HONG KONG — The pace of growth in China’s economy accelerated last year for the first time in seven years as exports, construction and consumer spending all climbed strongly.
At least, that’s what the government says.
In reality, the pace of growth in China’s economy is anybody’s guess. Various signals suggest China’s growth did speed up last year, which could give the government the room it needs to tackle an accumulation of serious financial, environmental and social problems this year.
But measuring the size and health of the world’s second-largest economy can be difficult at best.
WASHINGTON — Imagine if cigarettes were no longer addictive and smoking itself became almost obsolete; only a tiny segment of Americans still lit up. That’s the goal of an unprecedented antismoking plan being carefully fashioned by U.S. health officials.
But the proposal from the Food and Drug Administration could have another unexpected effect: opening the door for companies to sell a new generation of alternative tobacco products, allowing the industry to survive — even thrive — for generations to come.
A bigger Prime number
Amazon is raising the price of its Prime membership monthly plan by nearly 20 percent, but its annual fee will remain at $99. Starting Friday, new monthly members will pay $12.99 a month, up from $10.99. Qualifying college students will pay $6.49 a month, up from $5.49. Existing monthly members will start paying the higher fees next month. Amazon said its $5.99-a-month Prime membership for low-income people who receive government assistance is not affected by the price increase.
WASHINGTON — The Federal Reserve is facing a significant change in leadership that goes beyond the installation of a chairman. It is also awaiting the appointment of two other top officials who will play a crucial role in shaping Fed policy.
President Trump, who has already nominated Jerome Powell as the Fed’s next chairman, also gets to pick a new vice chairman. But the other open position, the presidency of the Federal Reserve Bank of New York, is not Trump’s choice to make.
The New York Fed chooses its own president, a position that is often described as the second-most powerful at the Fed.
At a Catcher Technology Co. manufacturing complex in the Chinese industrial city of Suqian, about six hours’ drive from Shanghai, workers stand for up to 10 hours a day in hot workshops slicing and blasting iPhone casings for Apple, handling noxious chemicals sometimes without proper gloves or masks.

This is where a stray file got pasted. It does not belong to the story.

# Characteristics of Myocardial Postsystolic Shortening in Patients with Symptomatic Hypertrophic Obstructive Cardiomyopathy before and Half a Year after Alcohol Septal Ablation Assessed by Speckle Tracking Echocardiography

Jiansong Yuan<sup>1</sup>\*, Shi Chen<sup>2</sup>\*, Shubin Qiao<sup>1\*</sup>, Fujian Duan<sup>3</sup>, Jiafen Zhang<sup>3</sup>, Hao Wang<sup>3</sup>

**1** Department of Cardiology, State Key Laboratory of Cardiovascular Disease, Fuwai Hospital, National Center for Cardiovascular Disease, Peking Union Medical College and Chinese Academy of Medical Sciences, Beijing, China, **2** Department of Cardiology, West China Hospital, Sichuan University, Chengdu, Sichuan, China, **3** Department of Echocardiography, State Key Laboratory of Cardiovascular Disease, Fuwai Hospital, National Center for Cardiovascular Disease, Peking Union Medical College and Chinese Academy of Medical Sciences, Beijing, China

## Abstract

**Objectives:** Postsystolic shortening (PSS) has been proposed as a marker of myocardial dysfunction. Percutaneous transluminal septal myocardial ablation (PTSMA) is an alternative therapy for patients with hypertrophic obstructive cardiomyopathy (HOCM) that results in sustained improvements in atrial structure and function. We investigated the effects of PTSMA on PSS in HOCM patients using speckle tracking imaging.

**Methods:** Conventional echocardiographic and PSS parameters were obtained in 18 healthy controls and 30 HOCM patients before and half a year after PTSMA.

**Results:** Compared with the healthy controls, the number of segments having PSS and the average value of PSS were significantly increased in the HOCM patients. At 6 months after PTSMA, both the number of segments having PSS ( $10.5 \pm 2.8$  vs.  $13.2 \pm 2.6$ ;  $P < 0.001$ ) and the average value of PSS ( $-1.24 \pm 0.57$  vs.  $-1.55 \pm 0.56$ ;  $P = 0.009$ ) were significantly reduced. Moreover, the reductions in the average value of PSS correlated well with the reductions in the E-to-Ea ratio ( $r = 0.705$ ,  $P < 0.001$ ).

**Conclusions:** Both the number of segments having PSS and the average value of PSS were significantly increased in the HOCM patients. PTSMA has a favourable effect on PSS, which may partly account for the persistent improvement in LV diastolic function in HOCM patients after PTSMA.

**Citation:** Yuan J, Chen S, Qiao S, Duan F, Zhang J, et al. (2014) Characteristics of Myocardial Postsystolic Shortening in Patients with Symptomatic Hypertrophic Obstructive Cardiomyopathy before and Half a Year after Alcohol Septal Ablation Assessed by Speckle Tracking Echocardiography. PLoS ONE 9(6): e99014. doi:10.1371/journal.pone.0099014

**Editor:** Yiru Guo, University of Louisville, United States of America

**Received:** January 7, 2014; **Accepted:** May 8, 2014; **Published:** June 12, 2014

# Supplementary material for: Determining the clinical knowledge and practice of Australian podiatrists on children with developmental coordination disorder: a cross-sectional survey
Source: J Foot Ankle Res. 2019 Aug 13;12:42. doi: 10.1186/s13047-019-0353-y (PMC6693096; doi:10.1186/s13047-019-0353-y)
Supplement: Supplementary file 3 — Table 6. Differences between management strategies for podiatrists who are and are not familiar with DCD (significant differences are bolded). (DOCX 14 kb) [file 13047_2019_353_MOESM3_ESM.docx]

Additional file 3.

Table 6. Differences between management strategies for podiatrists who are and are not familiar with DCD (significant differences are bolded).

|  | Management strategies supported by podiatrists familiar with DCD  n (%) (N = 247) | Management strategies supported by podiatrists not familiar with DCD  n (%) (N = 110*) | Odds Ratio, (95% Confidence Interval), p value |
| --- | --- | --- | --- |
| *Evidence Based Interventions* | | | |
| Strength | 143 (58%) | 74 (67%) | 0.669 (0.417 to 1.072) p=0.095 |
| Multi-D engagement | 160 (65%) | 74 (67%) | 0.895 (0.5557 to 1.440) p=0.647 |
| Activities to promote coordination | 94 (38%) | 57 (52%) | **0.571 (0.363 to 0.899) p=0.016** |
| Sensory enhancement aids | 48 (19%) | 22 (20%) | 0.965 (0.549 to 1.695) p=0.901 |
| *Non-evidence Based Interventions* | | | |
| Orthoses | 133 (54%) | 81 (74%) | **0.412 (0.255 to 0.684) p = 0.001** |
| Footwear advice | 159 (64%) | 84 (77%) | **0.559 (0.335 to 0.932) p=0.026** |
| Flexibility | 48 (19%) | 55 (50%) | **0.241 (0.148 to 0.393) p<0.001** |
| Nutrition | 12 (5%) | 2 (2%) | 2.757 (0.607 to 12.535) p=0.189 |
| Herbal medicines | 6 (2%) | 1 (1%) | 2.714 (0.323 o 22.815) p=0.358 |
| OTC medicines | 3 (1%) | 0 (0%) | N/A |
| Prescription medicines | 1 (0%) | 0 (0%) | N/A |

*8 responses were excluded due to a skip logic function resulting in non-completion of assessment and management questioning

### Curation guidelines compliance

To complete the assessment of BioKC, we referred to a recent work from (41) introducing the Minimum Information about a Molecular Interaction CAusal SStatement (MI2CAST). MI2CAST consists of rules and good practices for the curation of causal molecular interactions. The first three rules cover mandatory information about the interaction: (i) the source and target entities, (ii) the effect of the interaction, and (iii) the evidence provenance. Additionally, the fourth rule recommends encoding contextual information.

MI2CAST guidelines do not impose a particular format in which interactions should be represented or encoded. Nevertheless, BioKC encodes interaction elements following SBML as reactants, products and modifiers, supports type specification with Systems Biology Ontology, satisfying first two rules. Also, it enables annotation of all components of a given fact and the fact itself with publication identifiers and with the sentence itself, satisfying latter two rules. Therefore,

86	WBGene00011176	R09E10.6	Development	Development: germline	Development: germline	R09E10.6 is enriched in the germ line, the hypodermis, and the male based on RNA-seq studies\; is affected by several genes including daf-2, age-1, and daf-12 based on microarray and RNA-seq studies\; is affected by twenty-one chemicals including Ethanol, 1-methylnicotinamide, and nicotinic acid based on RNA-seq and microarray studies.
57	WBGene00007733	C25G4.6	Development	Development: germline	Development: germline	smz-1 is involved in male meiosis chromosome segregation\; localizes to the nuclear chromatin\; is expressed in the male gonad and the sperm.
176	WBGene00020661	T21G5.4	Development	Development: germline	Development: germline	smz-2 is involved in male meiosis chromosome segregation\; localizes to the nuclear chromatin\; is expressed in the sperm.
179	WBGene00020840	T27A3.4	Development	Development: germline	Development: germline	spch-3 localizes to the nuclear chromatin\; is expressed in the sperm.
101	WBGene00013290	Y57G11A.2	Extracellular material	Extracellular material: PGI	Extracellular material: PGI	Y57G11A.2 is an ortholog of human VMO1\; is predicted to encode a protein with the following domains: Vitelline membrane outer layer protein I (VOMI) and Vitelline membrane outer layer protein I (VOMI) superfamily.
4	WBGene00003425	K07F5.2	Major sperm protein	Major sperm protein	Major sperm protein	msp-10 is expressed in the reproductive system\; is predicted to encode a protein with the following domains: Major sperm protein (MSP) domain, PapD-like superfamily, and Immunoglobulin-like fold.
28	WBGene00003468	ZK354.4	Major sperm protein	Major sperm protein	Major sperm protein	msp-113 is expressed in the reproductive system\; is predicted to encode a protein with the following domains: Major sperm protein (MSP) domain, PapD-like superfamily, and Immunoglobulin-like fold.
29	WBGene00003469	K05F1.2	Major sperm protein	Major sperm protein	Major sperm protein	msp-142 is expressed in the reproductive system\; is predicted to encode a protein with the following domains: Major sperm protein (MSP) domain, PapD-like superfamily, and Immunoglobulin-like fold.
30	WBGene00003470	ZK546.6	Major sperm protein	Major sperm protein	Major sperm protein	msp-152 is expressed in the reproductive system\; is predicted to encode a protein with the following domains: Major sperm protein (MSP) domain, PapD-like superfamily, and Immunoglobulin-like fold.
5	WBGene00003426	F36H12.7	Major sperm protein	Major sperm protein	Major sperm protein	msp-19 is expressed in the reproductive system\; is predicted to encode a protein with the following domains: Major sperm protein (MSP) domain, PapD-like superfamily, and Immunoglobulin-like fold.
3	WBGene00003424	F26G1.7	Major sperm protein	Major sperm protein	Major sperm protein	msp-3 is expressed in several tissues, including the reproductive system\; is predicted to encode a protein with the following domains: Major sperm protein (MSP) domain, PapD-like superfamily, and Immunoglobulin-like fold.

These conditions — some described in a recent report by advocacy group China Labor Watch and others in Bloomberg News interviews with Catcher workers — show the downside of a high-tech boom buoying the world’s second-largest economy.
It might be hard to imagine a 45,000-square-foot “Star Wars” studio of George Lucas being converted into the production facility for an organic cosmetics company — one that features products like a mint-and-coconut soap and sulfate-free shampoos and conditioners.
There is something implausible about the optics of it, if nothing else. Then again, there is something implausible about San Rafael’s EO Products, beginning with its homegrown origins and the way that, more than two decades later, the company is run by Brad Black and Susan Griffin-Black, the couple who head it.
Make that former couple.
The floor of the National Retail Federation’s annual trade show in New York this week was crowded with alert systems primed to recognize heavy-spending customers, shelves fitted with real-time inventory trackers and robots for every step of the supply chain.
It was a conference about shopping that looked more like an expo for tech, as if the electronics trade show CES had decamped from Las Vegas and moved to the Javits Center in Manhattan.
The retail federation said last week that total sales in November and December made their largest leap since 2008, surging 5.5 percent from a year earlier. This week Adobe Analytics reported that online sales over the same period grew by 14.7 percent to a record $108.
If you missed it …
In a week when Forbes magazine should have come out with a spanking-new issue, this also happened:
•Stephen Heasley and Andrew Borg sued Vistaprint after it went the extra mile in screwing up their wedding programs. The Australian couple said that when their shipment arrived, instead of programs they received religious pamphlets with messages about temptation and sin, with phrases such as “fight against Satan’s temptation and pursue what is good.” The Dutch company, which has a regional headquarters in Massachusetts, told media outlets that it would never discriminate against its customers and is investigating the incident.
•Money talks, but cash is being muted.